Phenolic compounds could be used as biopreservatives, enriching the antioxidant and antimicrobial capacity of fresh produce such as fruits and vegetables and of functional foods in general, free of synthetic additives which is currently of concern to the population because of their influence on health. For example, they have been effectively employed in the prevention of lipid oxidation of meat products such as hamburgers, sausages, nuggets and even margarine (Martillanes et al., 2017). Specifically, catechins are used as an additive to prevent oxidation of oils and fats, to reduce the microbial load and as a fortifier/enrichment of various food products (El Gharras, 2009). Concerning sunflower oil, in the research of Sánchez-Camargo et al. (2019), employing Sugar mango peel extract, at a ratio of 200 to 1000 ppm, which contained 64.8 mg GAE/g and carotenoids (1.9 mg all-trans-β-carotene/g), it was possible to prevent its oxidation in an efficient and natural way.

Martillanes et al. (2017) mention that polyphenols could be incorporated in films and edible coatings, even in food packaging, obtaining an active packaging that prolongs its useful life and according to Arroyo et al. (2019), they could also enhance the physicochemical, nutritional and sensory characteristics with certain modifications or mixtures with other components that are considered.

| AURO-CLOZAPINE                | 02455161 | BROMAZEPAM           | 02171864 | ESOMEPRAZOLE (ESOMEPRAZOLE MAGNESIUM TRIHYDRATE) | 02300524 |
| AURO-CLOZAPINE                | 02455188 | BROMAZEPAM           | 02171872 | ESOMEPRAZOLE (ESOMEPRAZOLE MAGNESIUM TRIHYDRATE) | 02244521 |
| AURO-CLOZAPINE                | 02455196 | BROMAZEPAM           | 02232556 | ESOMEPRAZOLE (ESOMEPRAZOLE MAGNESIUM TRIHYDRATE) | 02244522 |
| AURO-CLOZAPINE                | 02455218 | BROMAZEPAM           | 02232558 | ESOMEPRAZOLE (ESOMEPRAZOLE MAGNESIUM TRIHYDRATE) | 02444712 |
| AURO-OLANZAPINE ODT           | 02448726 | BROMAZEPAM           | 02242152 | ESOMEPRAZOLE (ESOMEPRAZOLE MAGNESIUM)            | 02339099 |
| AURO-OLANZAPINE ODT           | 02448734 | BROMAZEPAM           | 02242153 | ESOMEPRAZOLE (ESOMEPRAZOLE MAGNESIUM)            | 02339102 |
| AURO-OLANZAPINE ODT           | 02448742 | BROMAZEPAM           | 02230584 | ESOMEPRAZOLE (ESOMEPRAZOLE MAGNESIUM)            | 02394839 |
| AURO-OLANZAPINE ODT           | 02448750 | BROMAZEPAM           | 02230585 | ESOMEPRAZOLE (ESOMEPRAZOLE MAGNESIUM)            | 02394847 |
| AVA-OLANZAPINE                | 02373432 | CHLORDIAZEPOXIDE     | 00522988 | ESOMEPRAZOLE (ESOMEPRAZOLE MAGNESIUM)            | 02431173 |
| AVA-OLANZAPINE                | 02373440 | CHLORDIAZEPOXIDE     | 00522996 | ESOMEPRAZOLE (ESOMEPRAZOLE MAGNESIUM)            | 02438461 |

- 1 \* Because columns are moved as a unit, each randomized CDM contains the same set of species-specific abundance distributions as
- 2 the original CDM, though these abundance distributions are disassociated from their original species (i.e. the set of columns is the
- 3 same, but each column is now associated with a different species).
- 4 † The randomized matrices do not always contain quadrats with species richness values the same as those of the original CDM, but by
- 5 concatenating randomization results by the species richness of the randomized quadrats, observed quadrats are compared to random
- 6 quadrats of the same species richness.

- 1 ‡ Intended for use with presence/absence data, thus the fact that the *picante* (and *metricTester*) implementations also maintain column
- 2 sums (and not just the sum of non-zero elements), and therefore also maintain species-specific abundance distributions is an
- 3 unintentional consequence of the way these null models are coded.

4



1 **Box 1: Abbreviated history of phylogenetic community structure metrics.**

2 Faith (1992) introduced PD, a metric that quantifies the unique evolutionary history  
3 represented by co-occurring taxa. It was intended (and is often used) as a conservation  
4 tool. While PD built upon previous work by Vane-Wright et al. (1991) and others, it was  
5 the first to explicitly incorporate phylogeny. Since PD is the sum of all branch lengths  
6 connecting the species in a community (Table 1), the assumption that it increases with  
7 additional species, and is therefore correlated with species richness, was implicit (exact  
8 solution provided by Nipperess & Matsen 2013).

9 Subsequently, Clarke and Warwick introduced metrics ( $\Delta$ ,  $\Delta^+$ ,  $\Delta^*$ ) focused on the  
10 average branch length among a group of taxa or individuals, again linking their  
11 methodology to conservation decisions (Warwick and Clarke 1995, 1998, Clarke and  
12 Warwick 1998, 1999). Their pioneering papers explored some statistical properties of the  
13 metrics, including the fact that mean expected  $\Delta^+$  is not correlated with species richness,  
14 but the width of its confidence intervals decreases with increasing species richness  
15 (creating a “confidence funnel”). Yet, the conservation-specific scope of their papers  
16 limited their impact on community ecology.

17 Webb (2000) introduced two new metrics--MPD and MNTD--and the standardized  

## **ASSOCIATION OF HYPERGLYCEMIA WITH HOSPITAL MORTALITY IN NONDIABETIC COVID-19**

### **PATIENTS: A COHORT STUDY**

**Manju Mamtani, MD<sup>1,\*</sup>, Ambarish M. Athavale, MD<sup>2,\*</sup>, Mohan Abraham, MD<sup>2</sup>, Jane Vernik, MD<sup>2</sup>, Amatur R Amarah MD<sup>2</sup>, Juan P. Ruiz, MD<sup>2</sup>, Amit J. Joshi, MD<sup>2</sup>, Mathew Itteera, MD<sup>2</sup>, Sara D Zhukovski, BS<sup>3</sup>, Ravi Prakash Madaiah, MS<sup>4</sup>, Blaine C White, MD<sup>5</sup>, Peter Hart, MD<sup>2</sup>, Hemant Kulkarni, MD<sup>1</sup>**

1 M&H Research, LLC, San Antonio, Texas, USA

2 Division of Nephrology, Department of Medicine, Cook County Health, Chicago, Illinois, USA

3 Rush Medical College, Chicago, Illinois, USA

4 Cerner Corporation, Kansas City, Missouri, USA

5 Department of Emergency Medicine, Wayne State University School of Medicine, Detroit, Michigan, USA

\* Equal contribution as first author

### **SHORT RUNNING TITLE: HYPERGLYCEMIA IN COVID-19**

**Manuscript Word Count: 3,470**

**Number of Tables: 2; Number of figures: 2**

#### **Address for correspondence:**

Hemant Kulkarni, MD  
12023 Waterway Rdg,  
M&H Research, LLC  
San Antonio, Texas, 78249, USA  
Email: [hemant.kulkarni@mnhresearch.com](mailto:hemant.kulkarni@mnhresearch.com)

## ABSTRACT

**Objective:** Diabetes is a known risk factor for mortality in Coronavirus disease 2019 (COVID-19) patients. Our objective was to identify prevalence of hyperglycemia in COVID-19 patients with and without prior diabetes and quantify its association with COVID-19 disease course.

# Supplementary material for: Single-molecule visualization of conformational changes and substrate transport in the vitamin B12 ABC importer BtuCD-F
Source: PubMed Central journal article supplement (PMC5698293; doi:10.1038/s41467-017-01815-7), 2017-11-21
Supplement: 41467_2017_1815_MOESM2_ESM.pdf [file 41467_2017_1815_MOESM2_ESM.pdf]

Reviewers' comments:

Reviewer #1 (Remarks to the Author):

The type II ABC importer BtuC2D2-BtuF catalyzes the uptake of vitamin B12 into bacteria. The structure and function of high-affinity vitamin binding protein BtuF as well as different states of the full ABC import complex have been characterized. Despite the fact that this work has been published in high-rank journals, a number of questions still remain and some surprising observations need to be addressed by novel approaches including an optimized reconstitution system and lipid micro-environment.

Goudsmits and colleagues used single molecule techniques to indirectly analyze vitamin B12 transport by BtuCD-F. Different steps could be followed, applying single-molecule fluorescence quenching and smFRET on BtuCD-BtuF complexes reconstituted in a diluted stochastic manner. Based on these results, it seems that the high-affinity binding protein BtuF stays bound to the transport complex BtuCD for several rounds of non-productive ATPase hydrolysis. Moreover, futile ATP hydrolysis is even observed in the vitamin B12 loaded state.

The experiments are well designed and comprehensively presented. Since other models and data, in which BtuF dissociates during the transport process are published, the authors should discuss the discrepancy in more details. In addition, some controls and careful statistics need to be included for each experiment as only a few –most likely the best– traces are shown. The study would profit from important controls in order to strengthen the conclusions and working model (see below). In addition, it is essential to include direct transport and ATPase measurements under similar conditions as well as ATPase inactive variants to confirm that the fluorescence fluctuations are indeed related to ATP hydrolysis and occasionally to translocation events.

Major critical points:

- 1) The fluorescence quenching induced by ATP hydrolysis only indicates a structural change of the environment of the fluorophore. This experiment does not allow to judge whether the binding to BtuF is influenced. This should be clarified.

Pacheco-Ordaz et al. (2017) concluded in their research that catechin, gallic, vanillic, ferulic and protocatechuic acid from mango by-products promoted the development of Lactobacillus rhamnosus and L. acidophilus, in addition to inhibiting the spread of E. coli and Salmonella typhimurium. Phenolic compounds demonstrated their use as a probiotic enhancer which can be applied in yogurt, cheese, olives, sauerkraut and other functional foods. According to the research of Mwaurah et al. (2020), they propose that the flour of the mango seed can partially substitute the wheat flour due to its antioxidant activity (73% against 22.4% of the wheat flour), besides containing 44.21 UI/100 g of provitamin A, 1.03 and 0.45 mg/100 g of tocopherol and ascorbic acid, respectively, and other components which would help to enhance the nutritional, physicochemical and sensory characteristics of the bread or other food products.